How to spot the propaganda

In light of the breaking news at Breitbart’s websites, especially regarding the NEA’s push to enlist artists and others to the crusade for Obama’s agenda and to continue on from my blog about Cloward-Privan, I’m posting this. If you’ve read Alinsky, you will recognize how he incorporated these ideas into his “primer”.  Of course my examples are written from a conservative point of view but you can find as many of these propaganda techniques used by Republicans, entertainers, political “comedians” and even used car salesmen.

I offer this which is another product of Columbia University deep thinkers:

From Institute for Propaganda Analysis, Propaganda Analysis. New York: Columbia University Press, 1938. Quoted at http://carmen.artsci.washington.edu/propaganda/home.htm andhttp://www.vcsun.org/~ilene/secured_305text/propa.html

Name calling

Bad names have played a tremendously powerful role in the history of the world and in our own individual development. They have ruined reputations, stirred men and women to outstanding accomplishments, sent others to prison cells, and made men mad enough to enter battle and slaughter their fellowmen. They have been and are applied to other people, groups, gangs, tribes, colleges, political parties, neighborhoods, states, sections of the country, nations, and races.

Example: countless, but here’s a few: Pelosi et al calling townhall attendees astroturf, manufactured masses, Un-American, mobs. And of course, RACISTS.

Van Jones and name calling:


Glittering generalities

We believe in, fight for, live by virtue words about which we have deep-set ideas. Such words include civilization, Christianity, good, proper, right, democracy, patriotism, motherhood, fatherhood, science, medicine, health, and love. For our purposes in propaganda analysis, we call these virtue words “Glittering Generalities” in order to focus attention upon this dangerous characteristic that they have: They mean different things to different people; they can be used in different ways. This is not a criticism of these words as we understand them. Quite the contrary. It is a criticism of the uses to which propagandists put the cherished words and beliefs of unsuspecting people.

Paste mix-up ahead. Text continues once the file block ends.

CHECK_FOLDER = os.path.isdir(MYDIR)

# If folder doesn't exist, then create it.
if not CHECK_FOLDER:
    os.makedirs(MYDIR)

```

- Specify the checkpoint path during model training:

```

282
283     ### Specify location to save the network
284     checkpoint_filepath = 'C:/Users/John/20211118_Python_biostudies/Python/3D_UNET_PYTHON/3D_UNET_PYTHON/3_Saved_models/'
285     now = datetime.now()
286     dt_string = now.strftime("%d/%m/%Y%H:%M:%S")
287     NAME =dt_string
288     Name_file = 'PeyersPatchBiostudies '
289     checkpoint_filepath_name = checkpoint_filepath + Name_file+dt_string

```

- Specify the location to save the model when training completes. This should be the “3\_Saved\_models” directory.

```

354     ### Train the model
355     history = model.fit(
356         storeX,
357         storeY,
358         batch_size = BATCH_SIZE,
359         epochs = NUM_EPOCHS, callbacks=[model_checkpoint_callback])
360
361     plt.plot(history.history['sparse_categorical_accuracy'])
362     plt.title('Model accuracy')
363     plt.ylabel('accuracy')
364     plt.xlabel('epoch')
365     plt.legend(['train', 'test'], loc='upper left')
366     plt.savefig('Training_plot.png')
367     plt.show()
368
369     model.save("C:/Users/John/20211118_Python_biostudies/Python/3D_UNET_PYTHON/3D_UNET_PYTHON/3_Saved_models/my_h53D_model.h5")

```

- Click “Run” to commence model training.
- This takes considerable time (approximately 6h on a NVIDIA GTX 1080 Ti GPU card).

When someone talks to us about democracy, we immediately think of our own defnite ideas about democracy, the ideas we learned at home, at school, and in church. Our first and natural reaction is to assume that the speaker is using the word in our sense, that he believes as we do on this important subject. This lowers our ‘sales resistance’ and makes us far less suspicious than we ought to be when the speaker begins telling us the things ‘the United States must do to preserve democracy.’ The Glittering Generality is, in short, Name Calling in reverse. While Name Calling seeks to make us form a judgment to reject and condemn without examining the evidence, the Glittering Generality device seeks to make us approve and accept without examining the evidence.

In acquainting ourselves with the Glittering Generality Device, therefore, all that has been said regarding Name Calling must be kept in mind.

Example: with many “glittering”  words and imagery:



Transfer

Transfer is a device by which the propagandist carries over the authority, sanction, and prestige of something we respect and revere to something he would have us accept. For example, most of us respect and revere our church and our nation. If the propagandist succeeds in getting church or nation to approve a campaign in behalf of some program, he thereby transfers its authority, sanction, and prestige to that program. Thus, we may accept something which otherwise we might reject.

Example: Although the AMA only represents between 18 and 25% of the nation’s doctors and few Americans know that, Obama touts them to the public because they have signed onto his healthcare reforms. Therefore, it must be a good thing for our citizens.

Testimonial

This is the classic misuse of the Testimonial Device that comes to the minds of most of us when we hear the term. We recall it indulgently and tell ourselves how much more sophisticated we are than our grandparents or even our parents. With our next breath, we begin a sentence, ‘The Times said,’ ‘John L. Lewis said… ,’ ‘Herbert Hoover said… ‘, ‘The President said, ‘My doctor said,’ ‘Our minister said ‘ Some of these Testimonials may merely give greater emphasis to a legitimate and accurate idea, a fair use of the device; others, however, may represent the sugar-coating of a distortion, a falsehood, a misunderstood notion, an anti-social suggestion.